The ministry also believes that (even if), this big number pose no threat because most fuel stations have underground tanks and this surge indicates growth in the consumption rate and that it has doubled compared to ten years back which keeps business afloat.

“Sixty per cent of fuel station business is in Kampala, which attracts more players thus reduces the average pay for fuel product, which benefits go back to the communities,” says Mr Bukenya noted, adding that for the many that clogged on one proximity, several have closed shop due to failure to keep up business even at breakeven point.”

But, “we started closing all illegal stations and by close of August we shall have wiped out all those that don’t meet standards.”

The other growing concern is on fuel stations in ungazetted places such as residential areas, congested areas like slums and business centres as seen in areas like Bwaise and Kawempe, which pause serious safety threats in case of a fire outbreak.

A glowing example is the large fuel depot for Mogas Fuel, one of the distributors in Banda, on the outskirts of the city centre. The depot has about five huge storage tanks and is surrounded by a huge slum stretch.

Attempts to reach officials at the company for comment on safety precautions were futile for several days while officials from other large fuel distributors also declined to comment on the matter.

Two distributors, Vivo Energy formerly Shell and Total gazatted their fuel reserves in one industrial area, which the ministry says eases emergency supplies and enables combined enjoyment of similar facilities such as railways lines.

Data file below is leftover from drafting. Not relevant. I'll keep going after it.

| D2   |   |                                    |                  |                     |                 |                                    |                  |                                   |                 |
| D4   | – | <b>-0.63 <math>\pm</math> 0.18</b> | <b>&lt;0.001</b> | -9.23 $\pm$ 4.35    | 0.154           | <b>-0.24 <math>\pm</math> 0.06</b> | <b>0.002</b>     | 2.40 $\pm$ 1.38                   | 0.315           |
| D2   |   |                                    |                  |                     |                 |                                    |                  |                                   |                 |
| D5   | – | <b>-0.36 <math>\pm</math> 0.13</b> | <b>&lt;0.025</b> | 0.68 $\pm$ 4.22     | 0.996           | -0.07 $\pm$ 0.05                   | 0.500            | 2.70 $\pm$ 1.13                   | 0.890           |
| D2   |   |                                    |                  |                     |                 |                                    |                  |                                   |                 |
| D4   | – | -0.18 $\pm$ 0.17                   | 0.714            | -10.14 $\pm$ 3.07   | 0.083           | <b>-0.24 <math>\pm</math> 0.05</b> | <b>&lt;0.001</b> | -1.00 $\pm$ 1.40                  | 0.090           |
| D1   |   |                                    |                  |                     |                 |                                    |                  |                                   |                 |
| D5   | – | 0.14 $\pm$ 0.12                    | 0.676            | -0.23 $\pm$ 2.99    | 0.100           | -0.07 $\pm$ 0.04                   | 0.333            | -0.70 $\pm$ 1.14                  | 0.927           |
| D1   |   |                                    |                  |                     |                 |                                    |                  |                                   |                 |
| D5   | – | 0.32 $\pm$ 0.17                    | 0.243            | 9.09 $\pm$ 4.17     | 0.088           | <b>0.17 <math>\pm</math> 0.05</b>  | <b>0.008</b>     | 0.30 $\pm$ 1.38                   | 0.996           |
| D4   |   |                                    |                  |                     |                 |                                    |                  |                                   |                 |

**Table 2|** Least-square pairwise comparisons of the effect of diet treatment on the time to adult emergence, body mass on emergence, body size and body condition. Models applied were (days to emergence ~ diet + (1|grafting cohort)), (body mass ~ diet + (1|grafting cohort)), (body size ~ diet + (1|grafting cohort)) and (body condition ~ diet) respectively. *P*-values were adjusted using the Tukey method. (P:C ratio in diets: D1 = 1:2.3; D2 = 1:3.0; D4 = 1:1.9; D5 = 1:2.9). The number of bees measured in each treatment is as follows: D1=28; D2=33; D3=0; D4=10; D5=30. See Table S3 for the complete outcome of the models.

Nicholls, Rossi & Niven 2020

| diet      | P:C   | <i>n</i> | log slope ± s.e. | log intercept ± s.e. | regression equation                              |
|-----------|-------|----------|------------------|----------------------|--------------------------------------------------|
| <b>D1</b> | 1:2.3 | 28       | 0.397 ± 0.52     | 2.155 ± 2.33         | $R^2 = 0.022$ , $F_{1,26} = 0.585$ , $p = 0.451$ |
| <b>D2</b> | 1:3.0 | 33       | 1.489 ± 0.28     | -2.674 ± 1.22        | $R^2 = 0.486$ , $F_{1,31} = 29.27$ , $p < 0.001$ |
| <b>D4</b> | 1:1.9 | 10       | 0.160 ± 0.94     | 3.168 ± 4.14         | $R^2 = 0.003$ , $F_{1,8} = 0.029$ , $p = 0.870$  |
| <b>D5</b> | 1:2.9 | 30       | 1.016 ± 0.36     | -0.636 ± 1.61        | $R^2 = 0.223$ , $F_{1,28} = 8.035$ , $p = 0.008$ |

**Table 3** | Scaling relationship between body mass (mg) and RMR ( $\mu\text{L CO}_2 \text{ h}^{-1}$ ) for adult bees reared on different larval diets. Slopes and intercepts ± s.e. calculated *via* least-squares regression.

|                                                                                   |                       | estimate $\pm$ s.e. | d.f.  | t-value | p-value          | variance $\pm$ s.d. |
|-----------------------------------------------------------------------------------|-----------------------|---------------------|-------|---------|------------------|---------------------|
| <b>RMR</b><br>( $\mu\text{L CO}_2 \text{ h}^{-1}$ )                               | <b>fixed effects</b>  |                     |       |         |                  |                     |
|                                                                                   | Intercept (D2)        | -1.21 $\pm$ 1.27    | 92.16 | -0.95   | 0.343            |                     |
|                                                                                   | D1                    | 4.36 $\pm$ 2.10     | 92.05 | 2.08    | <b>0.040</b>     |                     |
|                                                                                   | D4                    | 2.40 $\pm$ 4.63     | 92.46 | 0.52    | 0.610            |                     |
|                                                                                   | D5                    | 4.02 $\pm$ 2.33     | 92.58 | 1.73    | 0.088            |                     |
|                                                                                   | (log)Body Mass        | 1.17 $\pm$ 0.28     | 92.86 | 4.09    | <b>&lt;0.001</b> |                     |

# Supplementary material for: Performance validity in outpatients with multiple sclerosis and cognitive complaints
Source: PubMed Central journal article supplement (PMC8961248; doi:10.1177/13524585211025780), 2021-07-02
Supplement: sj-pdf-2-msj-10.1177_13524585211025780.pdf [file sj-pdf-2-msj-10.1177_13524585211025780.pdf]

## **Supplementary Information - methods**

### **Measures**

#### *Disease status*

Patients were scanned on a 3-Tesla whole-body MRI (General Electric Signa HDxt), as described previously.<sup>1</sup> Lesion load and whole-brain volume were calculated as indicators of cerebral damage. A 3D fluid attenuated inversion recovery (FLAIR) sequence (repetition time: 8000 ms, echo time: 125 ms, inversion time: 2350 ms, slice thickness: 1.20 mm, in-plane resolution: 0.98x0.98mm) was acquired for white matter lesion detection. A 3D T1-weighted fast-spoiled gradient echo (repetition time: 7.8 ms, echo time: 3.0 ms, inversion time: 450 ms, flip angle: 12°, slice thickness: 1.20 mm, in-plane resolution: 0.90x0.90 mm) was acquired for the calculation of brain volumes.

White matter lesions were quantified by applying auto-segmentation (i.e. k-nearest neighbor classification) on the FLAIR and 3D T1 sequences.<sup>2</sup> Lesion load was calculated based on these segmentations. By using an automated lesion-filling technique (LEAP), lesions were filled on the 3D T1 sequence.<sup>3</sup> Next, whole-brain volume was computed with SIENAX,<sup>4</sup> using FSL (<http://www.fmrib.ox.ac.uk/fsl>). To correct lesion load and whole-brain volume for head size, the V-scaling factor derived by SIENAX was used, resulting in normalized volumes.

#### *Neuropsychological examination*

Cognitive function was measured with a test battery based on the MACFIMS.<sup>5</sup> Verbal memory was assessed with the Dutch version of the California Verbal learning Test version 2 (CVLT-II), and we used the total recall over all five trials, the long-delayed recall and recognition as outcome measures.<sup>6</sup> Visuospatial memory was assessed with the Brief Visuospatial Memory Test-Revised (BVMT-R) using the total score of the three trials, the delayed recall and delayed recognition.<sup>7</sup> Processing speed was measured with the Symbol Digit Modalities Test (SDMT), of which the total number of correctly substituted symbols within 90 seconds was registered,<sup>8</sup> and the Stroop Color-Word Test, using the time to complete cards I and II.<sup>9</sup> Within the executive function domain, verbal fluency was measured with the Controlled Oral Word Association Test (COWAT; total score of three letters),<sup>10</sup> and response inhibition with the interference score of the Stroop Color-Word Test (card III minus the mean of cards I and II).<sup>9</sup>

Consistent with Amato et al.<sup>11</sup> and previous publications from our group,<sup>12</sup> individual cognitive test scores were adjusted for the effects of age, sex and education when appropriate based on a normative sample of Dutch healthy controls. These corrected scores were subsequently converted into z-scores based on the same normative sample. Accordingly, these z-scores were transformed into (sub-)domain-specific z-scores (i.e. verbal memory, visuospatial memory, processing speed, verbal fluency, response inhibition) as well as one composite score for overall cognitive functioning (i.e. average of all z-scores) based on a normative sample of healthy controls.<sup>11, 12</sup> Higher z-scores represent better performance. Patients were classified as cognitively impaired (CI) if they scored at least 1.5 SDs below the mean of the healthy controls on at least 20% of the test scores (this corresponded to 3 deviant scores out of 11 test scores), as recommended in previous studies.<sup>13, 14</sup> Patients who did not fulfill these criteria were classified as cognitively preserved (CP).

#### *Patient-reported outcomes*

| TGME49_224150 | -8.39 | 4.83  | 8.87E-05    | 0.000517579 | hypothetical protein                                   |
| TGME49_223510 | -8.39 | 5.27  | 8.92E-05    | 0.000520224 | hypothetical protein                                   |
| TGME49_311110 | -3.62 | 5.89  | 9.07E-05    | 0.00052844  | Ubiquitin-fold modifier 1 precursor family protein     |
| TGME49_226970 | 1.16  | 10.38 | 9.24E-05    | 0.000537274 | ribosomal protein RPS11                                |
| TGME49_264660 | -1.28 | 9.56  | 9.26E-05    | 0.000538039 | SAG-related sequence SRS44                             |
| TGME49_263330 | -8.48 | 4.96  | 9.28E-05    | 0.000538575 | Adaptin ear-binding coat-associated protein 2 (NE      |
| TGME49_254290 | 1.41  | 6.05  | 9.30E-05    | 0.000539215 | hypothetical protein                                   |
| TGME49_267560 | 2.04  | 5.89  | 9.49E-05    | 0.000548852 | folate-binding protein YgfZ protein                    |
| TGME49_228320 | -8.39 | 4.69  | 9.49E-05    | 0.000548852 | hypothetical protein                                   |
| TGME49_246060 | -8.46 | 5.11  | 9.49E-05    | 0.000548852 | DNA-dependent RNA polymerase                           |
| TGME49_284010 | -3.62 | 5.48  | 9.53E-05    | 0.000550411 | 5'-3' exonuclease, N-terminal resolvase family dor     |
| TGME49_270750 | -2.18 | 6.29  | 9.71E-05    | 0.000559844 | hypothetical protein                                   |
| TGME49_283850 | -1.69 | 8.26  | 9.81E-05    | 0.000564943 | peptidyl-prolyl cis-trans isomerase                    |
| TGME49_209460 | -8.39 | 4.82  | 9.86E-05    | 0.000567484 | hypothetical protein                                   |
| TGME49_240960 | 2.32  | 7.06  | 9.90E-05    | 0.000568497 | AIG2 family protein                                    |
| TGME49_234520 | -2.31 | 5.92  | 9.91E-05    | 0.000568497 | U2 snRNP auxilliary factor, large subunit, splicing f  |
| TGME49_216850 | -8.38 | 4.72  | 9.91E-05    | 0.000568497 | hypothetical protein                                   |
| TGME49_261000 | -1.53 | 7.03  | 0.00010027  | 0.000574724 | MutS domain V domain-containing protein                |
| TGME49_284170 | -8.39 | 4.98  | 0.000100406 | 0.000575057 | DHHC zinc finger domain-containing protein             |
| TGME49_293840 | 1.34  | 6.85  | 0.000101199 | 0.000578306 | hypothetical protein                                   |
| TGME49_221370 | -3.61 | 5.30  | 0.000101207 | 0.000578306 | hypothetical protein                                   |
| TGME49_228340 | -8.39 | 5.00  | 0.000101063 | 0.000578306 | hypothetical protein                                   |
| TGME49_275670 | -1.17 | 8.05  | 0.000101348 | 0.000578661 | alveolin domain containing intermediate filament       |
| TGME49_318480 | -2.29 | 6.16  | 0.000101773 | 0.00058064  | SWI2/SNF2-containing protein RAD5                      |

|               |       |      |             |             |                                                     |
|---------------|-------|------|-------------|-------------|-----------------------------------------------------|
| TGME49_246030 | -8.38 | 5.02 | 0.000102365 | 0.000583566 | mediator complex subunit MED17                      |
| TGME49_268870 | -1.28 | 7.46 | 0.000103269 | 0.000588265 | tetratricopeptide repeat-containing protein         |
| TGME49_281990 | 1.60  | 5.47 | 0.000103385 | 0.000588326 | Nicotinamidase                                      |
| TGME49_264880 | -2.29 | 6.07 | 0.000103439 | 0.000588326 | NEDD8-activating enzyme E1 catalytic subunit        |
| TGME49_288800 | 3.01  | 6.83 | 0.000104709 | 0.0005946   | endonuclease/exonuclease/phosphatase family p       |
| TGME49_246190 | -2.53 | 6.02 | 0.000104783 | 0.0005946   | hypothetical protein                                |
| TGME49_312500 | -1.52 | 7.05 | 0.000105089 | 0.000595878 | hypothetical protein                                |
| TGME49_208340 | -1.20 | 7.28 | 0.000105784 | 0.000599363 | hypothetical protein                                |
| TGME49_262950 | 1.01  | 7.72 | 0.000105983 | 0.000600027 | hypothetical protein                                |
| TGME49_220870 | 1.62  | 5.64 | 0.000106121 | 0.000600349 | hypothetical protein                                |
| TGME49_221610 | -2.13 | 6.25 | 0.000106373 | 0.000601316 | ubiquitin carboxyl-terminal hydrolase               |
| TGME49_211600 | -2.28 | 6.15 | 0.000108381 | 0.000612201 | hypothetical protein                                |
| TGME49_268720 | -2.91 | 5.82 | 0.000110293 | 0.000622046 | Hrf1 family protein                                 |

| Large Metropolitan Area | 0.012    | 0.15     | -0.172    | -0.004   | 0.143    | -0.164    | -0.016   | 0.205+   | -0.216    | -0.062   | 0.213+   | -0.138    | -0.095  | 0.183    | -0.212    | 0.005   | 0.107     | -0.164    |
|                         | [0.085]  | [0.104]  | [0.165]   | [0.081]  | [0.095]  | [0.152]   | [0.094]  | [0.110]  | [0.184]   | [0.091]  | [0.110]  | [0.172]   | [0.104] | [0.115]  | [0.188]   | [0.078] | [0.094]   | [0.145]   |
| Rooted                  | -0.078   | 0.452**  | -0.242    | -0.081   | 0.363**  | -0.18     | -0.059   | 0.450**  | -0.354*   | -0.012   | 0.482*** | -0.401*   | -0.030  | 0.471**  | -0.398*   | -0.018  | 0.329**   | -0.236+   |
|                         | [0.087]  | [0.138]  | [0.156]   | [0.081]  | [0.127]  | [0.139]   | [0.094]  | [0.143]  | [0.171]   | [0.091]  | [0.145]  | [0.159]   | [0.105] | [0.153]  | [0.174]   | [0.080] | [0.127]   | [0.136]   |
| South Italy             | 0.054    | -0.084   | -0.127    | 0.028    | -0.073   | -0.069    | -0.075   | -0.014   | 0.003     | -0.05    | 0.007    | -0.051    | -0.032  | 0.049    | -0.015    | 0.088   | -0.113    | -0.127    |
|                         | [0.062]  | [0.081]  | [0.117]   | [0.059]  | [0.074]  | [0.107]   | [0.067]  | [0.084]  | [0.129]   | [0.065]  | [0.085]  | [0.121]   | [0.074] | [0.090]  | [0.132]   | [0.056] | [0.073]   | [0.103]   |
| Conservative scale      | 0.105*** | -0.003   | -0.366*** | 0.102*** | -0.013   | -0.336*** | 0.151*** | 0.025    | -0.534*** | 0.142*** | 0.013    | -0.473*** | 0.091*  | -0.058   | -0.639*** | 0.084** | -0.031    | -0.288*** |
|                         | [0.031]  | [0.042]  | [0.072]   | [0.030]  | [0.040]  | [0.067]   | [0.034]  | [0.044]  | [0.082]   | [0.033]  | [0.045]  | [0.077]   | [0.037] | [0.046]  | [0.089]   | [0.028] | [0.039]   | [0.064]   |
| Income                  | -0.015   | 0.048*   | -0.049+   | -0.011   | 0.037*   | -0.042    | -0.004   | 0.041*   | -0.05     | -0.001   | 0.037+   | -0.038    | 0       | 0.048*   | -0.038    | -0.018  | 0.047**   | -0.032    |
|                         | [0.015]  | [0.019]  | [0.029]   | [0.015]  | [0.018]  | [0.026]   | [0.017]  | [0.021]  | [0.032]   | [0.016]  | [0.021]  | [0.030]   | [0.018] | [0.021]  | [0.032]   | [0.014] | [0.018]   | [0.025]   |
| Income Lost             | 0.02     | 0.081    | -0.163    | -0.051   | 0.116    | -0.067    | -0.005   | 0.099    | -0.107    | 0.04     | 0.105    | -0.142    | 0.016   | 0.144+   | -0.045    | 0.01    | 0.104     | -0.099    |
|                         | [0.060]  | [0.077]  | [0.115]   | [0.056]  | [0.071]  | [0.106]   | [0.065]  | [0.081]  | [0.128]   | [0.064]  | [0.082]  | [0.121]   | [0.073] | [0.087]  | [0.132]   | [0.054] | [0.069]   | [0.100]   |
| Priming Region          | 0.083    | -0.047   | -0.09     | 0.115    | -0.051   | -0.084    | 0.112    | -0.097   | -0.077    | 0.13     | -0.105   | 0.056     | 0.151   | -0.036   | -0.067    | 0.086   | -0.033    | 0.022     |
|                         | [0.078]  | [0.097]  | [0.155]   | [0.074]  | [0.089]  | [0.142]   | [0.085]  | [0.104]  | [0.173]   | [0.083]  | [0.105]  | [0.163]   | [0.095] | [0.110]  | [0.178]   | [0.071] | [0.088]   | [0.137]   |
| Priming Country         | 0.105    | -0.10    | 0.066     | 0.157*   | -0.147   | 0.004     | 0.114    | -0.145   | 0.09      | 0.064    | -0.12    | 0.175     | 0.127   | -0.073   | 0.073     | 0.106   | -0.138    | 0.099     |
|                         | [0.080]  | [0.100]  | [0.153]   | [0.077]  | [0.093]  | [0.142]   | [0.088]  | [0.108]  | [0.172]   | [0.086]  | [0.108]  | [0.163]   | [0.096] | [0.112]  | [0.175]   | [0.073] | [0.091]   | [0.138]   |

The executive director of the National Environment Management Authority (NEMA), Dr Tom Okurut, maintained that licensing is conducted by the Ministry and they have little role to play in the matter but “sometimes investors come to us with approvals already from other bodies.”

The Police in early 2000s when fuel stations were rapidly developing described them as a “time bomb.”

Mr Joseph Mawanda, a resident of Kawempe who operates a business near a busy fuel station on Bombo Road, told the Daily Monitor, “Of course, we live in fear everyday but since those in charge of such things live in upscale residences, they are not bothered at all.”

But as a measure, both KCCA and the ministry say they have stopped the licencing of fuel stations around the city. They all blame KCCA’s predecessor, the Kampala City Council (KCC) for the stations already congesting the city, especially those that came before the enactment of the Petroleum Supply General Regulations Act in 2009.

The ministry, according to the law, retains the power to licence any fuel station and they ought to be located in industrial or commercial zones.

But in country where heavy fuel tracks overturn now and then or even crash and residents quickly hurry to the scene to scoop free fuel, more public awareness is still required and the safety precautions on paper implemented and tightened but otherwise so far no lessons have been learned from fuel accidents.


December 2001: 90 died when a fuel tanker caught fire in Buseesa, Iganga District.
February 2005: 45 people burned to death after a minibus, a fuel tanker and a Suzuki car collided at Lwankima in Mabira Forest.
July 30, 2006: 30 people were killed when a fuel tanker collided with Mitsubishi Rosa minibus at Kitega hill on Kampala-Jinja Road.
August 2006: 27 passengers died when their minibus collided head-on with a fuel tanker on the Kampala-Jinja road, 3km from Lugazi town; another three trying to steal fuel from the tanker were killed by the petrol fumes.
December 15, 2004: 12 people died when a fuel tanker, two trailers and a pick-up truck collided on the Jinja-Iganga Road.